December 13, 2011
Six U.S. States Withdraw from the Western Climate Initiative
This is last month’s news, but I didn’t discover it until a few days ago when I was updating my draft casebook on Climate Change Law & Policy (Aspen, forthcoming 2012, with Hari Osofsky): all the U.S. states except for California withdrew from the Western Climate Initiative (WCI) in November. Having lost Arizona, Montana, New Mexico, Oregon, Utah and Washington, the WCI now consists of California and four Canadian provinces (British Columbia, Manitoba, Ontario and Quebec).
What happened? In 2010, Arizona and Utah both announced that they would remain WCI partners but not participate in the WCI cap-and-trade program. In both states, the governor who had agreed to the pact was no longer in office, and the new governor decided that the program was not in the state’s interest (see, e.g., State of Arizona Executive Order 2010-06). By late 2010, the only U.S. states that had passed enabling legislation for the regional cap-and-trade program were California and New Mexico. Then, New Mexico elected a new governor who didn’t support the pact, and she removed all members of the board working on the regulations four days after taking office on January 1, 2011. In the end, the announcement last month that California would be the only remaining WCI partner in the U.S. was not particularly surprising.
Why did it happen? One part of the answer is “the Great Recession.” Another part comes from acknowledging the instability inherent in sub-national regional agreements like the WCI. Finally, it is instructive to consider the reasons that climate-related regional agreements emerged in the first place. In my article, Regional Climate Regulation: From State Competition to State Collaboration, 1 SAN DIEGO J. CLIMATE & ENERGY L. 81 (2009), I gave three explanations for the high degree of state collaboration in climate change policy:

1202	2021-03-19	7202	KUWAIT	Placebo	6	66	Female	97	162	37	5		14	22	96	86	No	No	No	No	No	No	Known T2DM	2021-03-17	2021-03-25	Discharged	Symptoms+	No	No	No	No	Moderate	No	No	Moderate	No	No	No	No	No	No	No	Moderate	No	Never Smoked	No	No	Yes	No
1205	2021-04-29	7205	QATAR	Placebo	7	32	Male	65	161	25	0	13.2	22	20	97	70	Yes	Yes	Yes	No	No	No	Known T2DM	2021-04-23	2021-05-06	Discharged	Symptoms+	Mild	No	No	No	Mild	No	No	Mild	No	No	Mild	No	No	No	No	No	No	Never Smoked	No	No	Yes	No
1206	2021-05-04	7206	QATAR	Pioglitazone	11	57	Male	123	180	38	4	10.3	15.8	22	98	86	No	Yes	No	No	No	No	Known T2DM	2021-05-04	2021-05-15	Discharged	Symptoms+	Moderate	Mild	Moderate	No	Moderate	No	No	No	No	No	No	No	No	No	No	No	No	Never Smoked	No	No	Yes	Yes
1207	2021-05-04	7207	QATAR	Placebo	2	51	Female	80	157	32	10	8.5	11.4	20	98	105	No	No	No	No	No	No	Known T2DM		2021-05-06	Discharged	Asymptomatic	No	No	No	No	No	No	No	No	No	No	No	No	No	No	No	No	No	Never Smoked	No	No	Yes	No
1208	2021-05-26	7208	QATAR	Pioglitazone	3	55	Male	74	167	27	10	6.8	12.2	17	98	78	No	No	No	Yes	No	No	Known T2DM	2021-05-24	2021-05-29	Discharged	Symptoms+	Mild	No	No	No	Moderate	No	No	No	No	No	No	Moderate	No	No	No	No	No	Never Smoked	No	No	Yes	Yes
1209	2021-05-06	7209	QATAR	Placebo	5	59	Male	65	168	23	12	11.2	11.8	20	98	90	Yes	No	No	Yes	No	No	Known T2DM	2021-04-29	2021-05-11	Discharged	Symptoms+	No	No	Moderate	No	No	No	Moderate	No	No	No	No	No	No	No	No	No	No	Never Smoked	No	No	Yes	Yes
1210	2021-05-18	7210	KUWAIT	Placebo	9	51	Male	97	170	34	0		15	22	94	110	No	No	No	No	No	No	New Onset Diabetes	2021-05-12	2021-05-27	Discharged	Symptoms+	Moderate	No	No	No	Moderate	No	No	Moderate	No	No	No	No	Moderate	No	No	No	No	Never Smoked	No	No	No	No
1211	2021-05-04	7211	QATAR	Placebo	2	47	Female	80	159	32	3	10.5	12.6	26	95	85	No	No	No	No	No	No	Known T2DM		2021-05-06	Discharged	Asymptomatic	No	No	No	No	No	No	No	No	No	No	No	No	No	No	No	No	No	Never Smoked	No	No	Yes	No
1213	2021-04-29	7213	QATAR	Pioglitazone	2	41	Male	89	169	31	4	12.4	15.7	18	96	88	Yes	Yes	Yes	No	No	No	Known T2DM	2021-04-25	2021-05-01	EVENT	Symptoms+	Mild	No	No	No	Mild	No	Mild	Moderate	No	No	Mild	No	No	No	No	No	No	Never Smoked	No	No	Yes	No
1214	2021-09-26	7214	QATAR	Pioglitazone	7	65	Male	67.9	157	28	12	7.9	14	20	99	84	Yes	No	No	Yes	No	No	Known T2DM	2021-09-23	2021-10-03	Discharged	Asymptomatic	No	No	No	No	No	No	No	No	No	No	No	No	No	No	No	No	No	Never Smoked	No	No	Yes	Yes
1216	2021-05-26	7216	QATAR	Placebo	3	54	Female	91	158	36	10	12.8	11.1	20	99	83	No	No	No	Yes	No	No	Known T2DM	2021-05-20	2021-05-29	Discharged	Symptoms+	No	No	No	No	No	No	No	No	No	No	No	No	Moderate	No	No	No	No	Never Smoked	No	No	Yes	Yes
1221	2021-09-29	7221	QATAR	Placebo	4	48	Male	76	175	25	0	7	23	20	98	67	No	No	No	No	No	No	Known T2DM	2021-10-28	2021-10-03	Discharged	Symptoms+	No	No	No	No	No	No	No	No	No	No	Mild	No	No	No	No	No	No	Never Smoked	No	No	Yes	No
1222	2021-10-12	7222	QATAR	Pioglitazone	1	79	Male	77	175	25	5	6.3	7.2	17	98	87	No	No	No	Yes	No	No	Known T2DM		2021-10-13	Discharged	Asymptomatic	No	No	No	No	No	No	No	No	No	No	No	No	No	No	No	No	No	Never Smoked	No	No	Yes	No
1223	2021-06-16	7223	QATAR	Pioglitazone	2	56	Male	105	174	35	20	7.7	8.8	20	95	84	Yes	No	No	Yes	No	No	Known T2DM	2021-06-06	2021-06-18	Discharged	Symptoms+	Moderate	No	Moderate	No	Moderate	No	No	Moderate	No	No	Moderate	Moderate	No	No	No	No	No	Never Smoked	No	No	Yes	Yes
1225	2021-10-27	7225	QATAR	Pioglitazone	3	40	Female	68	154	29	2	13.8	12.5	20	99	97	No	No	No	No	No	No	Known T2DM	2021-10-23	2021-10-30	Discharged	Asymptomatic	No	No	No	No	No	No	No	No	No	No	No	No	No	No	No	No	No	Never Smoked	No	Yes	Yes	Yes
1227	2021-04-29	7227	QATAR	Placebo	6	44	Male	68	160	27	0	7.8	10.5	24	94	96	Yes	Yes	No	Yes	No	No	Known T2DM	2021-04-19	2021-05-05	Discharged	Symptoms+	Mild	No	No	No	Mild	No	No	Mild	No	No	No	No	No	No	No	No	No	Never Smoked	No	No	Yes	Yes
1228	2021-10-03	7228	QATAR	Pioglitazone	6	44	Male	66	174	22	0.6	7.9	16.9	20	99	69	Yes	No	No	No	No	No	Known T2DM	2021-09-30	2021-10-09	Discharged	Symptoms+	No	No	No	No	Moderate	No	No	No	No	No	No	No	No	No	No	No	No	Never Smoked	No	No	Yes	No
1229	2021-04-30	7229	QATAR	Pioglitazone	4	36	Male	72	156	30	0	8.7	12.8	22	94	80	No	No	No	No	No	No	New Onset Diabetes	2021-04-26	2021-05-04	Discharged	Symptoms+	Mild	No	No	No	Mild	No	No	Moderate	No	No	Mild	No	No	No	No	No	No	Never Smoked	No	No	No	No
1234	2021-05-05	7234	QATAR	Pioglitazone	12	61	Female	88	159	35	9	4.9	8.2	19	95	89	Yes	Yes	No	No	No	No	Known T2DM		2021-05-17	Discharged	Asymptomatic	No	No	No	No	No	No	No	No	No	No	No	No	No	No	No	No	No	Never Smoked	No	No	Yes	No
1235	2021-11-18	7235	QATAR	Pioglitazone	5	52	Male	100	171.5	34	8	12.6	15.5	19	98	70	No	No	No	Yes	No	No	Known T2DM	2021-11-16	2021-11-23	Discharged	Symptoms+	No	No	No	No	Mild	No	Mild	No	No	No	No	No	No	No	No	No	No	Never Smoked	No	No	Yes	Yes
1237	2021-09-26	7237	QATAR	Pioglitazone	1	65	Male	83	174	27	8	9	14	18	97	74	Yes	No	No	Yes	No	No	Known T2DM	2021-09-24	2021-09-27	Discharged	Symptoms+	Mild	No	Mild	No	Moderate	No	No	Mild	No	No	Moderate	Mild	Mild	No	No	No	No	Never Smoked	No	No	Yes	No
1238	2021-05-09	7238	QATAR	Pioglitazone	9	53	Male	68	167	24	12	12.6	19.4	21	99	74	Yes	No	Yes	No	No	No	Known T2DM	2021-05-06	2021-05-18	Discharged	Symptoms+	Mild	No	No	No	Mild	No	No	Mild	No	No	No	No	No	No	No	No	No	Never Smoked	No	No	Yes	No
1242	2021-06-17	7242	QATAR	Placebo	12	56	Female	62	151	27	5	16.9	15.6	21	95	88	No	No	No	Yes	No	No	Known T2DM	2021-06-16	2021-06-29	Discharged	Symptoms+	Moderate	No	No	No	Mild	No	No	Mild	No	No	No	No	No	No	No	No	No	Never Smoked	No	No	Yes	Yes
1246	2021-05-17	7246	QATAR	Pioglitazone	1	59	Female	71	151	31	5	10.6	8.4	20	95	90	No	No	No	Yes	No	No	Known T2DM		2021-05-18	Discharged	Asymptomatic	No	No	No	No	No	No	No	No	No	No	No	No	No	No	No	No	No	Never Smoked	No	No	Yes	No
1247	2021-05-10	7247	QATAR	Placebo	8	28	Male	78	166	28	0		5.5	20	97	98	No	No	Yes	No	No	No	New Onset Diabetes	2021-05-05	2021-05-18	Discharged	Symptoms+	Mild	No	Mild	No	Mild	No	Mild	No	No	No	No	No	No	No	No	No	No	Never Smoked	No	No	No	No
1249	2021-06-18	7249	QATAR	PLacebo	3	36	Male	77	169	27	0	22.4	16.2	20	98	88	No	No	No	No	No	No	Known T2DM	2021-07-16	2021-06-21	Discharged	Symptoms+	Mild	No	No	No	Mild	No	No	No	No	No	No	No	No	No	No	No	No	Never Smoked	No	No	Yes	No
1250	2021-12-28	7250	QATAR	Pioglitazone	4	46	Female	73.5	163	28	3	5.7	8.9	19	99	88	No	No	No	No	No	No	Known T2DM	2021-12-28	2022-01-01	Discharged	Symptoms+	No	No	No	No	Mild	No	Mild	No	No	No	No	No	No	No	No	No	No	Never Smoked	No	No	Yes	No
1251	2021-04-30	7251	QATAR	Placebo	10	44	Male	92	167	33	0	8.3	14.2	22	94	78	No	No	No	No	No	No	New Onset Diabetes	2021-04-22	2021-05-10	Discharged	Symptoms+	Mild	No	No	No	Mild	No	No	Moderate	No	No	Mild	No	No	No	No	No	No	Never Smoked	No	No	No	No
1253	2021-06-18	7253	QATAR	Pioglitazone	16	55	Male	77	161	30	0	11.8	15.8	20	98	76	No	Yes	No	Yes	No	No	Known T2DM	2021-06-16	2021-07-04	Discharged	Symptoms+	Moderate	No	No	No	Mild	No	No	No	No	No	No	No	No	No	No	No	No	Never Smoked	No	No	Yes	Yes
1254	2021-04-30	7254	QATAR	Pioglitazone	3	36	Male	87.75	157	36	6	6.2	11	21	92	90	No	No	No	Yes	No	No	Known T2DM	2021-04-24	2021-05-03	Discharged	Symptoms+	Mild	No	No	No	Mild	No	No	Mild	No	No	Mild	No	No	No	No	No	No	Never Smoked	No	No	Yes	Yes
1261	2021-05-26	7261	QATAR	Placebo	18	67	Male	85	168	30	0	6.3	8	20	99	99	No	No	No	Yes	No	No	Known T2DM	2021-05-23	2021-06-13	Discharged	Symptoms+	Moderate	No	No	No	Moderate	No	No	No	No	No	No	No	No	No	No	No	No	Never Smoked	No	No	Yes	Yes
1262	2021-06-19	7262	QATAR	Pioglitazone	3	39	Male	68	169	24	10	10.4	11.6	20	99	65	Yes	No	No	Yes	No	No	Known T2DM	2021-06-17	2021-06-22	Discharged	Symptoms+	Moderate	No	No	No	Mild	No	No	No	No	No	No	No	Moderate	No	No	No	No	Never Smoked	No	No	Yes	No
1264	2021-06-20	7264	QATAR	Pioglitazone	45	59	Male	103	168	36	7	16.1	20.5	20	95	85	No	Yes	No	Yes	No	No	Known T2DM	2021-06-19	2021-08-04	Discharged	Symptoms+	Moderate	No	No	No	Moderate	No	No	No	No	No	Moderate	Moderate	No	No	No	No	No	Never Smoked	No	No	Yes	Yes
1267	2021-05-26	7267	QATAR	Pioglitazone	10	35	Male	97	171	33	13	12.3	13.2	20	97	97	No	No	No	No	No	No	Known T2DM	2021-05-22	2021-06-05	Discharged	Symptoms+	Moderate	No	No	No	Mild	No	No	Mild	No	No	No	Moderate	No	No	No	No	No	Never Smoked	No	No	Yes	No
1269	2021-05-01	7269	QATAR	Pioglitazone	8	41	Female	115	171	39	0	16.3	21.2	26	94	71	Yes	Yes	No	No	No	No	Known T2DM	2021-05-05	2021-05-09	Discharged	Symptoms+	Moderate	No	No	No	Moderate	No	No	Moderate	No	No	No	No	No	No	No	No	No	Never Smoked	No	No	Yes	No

1) Policy diffusion: that states were creating forums for sharing and developing climate policy information;
2) Cap-and-trade efficiencies: states wanted to use a cap-and-trade approach but needed larger markets to increase efficiency and reduce leakage; and
3) The existence of a regional race to national influence: regions were essentially competing to become the model for federal legislation.
It follows that states presently have less interest in sharing information about climate policy, less interest in a cap-and-trade program, and/or less confidence that there will be federal legislation in the near future. For various (generally depressing) reasons, all three seem to be true.
- Lesley McAllister
December 13, 2011 | Permalink
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